Catholic Bishops Take Issue With Biden Administration’s Proposed LGBT Discrimination Rules
The office noted that the policy does allow for religious conscience exemptions, but it argued that those provisions are designed in such a way as to invite ‘arbitrary and capricious applications of religious freedom protections.’
The U.S. bishops this week issued a letter criticizing what they said were shortcomings in proposed federal rules meant to address alleged discrimination against LGBT individuals in programs receiving federal Health and Human Services grants.
HHS had issued a Notice of Proposed Rulemaking (NPRM) earlier in the summer that the department said was meant to “affirm civil rights and equal opportunity for people nationwide in HHS funded programs and services.”
The new policy would “protect LGBTQI+ people from discrimination in important health and human services programs” by “clarifying and reaffirming the prohibition on discrimination on the basis of sexual orientation and gender identity in certain statutes” as they apply to grant recipients.
In a letter released Tuesday, the Office of the General Counsel within the U.S. Conference of Catholic Bishops warned that the NPRM reinterprets certain federal nondiscrimination statutes in a way that could, within the operation of Catholic charities, “create conflicts between the [rule’s] requirements and Catholic teaching.”
The letter noted, for instance, that many Catholic charities offer “emergency shelter for victims of domestic violence,” some of which are structured as single-sex environments.
Yet the proposed rules would “arguably mandate [the shelters] to house biological men who identify as women in single-sex facilities,” a policy that would violate the core Catholic teachings of “the immutable difference between, and dignity of, men and women.”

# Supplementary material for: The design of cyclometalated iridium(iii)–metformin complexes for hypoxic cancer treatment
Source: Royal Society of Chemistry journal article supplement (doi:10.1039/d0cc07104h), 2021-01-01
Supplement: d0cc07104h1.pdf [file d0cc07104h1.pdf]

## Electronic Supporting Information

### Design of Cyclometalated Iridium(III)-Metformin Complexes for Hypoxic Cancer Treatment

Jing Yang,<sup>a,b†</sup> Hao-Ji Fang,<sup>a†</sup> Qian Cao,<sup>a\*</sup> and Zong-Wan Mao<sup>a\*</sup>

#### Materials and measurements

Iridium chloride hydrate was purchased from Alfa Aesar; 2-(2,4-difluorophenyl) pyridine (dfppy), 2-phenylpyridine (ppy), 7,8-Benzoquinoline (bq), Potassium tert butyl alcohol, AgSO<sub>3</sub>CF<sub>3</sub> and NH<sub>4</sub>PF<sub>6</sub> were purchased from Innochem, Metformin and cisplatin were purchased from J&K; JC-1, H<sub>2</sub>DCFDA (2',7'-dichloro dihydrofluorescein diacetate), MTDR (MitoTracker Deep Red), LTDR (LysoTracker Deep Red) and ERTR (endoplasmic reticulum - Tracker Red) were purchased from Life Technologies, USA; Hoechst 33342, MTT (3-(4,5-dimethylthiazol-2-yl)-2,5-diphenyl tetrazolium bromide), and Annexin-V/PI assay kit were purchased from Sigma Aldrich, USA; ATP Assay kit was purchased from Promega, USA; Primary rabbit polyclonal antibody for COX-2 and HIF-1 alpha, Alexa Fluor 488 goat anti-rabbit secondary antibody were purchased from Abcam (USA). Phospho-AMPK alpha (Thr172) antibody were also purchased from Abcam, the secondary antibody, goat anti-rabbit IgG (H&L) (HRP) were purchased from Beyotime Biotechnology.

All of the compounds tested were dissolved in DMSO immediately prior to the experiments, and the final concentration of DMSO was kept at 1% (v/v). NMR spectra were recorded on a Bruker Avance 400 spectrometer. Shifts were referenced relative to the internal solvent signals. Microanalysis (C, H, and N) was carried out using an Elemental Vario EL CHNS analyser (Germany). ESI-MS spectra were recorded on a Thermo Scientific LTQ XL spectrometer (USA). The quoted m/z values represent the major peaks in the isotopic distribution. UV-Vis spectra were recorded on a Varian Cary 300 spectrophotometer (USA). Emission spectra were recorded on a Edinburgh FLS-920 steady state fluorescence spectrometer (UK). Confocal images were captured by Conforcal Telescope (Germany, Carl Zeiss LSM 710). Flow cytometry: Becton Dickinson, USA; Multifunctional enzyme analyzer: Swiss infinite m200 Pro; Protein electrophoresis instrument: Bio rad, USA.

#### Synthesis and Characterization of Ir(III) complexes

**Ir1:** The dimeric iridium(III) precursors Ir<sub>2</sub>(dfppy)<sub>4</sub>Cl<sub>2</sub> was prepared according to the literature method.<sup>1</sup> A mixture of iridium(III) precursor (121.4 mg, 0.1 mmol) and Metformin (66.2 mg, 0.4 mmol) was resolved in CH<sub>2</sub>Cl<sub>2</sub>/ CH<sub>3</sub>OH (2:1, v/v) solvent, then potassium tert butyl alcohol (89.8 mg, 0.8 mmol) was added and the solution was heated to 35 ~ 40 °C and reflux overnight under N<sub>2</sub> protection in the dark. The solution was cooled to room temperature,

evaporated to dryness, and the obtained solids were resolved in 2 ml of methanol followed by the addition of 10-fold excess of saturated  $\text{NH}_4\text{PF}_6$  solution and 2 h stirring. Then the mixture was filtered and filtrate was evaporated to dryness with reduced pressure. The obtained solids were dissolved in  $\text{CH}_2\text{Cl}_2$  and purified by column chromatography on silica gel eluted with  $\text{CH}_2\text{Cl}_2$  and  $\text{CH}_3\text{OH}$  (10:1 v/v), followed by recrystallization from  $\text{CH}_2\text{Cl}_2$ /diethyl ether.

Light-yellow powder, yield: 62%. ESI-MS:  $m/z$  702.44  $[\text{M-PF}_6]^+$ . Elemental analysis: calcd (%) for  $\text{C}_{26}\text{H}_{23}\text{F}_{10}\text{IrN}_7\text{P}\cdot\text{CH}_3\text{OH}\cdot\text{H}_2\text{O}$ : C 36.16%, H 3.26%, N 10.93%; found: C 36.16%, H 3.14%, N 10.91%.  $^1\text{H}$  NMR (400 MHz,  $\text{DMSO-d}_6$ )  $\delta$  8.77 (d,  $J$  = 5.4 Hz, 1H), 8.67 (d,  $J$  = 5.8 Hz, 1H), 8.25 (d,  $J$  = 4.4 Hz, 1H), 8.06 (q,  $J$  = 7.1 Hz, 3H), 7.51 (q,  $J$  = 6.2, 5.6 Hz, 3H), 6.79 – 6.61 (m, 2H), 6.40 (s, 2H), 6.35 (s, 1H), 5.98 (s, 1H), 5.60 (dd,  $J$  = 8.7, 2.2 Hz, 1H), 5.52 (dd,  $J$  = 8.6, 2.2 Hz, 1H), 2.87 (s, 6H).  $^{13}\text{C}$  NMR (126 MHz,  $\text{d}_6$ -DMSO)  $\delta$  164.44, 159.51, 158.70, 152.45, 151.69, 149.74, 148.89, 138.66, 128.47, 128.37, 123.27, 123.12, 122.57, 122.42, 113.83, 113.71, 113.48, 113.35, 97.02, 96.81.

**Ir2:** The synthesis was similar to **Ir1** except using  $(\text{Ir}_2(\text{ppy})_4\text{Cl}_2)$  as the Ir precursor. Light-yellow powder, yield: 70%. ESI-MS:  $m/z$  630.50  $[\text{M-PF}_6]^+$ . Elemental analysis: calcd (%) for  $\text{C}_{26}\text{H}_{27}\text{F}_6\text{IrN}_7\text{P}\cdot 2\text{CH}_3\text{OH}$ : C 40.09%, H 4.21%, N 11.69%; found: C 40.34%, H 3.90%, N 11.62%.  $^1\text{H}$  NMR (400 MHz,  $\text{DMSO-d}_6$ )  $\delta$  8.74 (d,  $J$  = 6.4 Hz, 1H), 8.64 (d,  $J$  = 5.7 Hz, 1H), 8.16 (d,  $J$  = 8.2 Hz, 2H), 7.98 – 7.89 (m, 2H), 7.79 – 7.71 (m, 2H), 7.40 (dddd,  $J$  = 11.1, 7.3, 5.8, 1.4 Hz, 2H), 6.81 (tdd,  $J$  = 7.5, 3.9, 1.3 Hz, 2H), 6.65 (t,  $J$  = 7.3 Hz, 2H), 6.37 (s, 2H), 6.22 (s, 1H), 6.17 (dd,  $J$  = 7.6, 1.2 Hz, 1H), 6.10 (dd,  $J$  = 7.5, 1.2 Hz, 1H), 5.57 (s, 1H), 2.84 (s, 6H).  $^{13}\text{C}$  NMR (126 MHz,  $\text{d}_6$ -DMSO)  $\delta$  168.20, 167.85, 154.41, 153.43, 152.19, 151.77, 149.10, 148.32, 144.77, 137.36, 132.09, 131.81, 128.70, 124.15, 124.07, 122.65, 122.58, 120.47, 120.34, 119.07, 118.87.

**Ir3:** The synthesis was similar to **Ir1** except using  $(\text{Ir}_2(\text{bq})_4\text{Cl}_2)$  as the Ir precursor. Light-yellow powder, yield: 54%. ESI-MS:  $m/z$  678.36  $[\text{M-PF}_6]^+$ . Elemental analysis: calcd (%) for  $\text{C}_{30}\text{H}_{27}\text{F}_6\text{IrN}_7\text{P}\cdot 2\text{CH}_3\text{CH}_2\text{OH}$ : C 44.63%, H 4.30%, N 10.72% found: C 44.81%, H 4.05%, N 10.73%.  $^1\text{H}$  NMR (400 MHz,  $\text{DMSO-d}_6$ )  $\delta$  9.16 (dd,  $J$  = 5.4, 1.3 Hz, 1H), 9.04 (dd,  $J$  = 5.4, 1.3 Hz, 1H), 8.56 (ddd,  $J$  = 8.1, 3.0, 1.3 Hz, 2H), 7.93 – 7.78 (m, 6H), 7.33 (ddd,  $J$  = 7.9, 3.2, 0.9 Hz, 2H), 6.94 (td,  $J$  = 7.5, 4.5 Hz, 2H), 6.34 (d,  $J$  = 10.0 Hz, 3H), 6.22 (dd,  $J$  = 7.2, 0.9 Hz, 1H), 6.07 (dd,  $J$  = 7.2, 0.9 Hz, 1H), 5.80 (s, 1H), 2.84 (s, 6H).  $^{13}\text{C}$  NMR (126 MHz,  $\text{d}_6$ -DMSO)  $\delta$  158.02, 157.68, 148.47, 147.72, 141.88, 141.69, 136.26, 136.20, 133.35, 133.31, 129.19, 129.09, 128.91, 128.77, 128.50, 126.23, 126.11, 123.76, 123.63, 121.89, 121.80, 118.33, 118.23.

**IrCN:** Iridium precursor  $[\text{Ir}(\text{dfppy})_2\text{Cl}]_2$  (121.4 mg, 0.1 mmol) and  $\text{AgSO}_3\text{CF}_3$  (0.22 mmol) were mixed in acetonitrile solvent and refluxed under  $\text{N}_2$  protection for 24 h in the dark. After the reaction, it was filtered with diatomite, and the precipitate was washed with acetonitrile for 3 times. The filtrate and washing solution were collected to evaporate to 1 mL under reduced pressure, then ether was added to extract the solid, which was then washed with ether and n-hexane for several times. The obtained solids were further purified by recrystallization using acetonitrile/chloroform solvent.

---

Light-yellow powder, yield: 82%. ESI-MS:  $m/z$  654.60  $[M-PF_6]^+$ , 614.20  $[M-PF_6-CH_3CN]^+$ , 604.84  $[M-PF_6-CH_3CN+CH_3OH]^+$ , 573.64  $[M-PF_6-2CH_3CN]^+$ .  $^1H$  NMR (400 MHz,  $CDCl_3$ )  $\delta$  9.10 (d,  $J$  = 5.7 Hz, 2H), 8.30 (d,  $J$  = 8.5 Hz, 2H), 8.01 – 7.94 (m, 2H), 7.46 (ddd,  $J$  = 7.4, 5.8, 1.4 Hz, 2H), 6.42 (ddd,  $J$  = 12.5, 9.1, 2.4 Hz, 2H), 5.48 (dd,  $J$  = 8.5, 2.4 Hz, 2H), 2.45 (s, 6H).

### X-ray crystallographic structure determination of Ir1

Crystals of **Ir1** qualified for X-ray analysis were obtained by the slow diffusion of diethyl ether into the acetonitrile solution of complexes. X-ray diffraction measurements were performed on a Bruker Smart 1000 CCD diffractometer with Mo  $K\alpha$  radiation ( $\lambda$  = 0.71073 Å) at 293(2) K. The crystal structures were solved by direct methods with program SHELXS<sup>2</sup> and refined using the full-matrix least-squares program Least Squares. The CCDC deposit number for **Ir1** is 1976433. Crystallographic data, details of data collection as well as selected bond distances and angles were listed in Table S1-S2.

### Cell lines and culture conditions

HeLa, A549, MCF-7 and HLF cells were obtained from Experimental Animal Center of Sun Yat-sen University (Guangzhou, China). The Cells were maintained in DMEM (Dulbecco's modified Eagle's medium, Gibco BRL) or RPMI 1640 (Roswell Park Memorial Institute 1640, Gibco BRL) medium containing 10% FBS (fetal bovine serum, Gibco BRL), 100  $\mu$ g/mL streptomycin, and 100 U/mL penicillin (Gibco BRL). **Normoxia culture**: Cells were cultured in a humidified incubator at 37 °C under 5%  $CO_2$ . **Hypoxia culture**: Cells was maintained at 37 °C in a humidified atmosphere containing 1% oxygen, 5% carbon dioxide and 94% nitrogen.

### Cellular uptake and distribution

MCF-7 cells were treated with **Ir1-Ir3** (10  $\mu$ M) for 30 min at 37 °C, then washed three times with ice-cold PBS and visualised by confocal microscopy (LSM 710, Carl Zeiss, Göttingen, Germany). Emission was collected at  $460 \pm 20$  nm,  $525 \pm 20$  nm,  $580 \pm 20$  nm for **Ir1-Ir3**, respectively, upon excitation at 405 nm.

“Any charity that has separate men’s and women’s bathrooms or changing areas could be required to allow men to use the women’s facility and vice versa,” the letter suggested, adding further that “any charity may be required to address an employee or beneficiary by pronouns that do not correspond with his or her biological sex” in violation of Catholic beliefs.
The rule places “unconstitutional conditions on participation in government programs,” the general counsel wrote, which “threatens our capacity to carry out” Catholic charitable works.
Noting that the Catholic Church espouses a belief in “an order in the natural world that was designed by its Creator,” which includes “human bodies [that] are sexually differentiated as male or female,” the letter says that the proposed rule “reflects anthropological premises that are simply not true.”
The office noted that the policy does allow for religious conscience exemptions, but it argued that those provisions are designed in such a way as to invite “arbitrary and capricious applications of religious freedom protections.”
“We urge HHS to reconsider the NPRM’s reinterpretation of those sex discrimination provisions to include [sexual orientation and gender identity] requirements,” the letter says, “and to implement a religious exemption that properly respects religious charities’ statutory and constitutional rights.”
USCCB spokeswoman Chieko Noguchi on Wednesday said the bishops’ group declined to comment on the letter.
The Department of Health and Human Services said in its announcement of the proposed rule that it would allow comments on the policy for 60 days after the announcement. That window will close on Monday, Sept. 11.
HHS also did not immediately respond to a request for comment on the rule, including whether any alterations would be made to it prior to its enactment.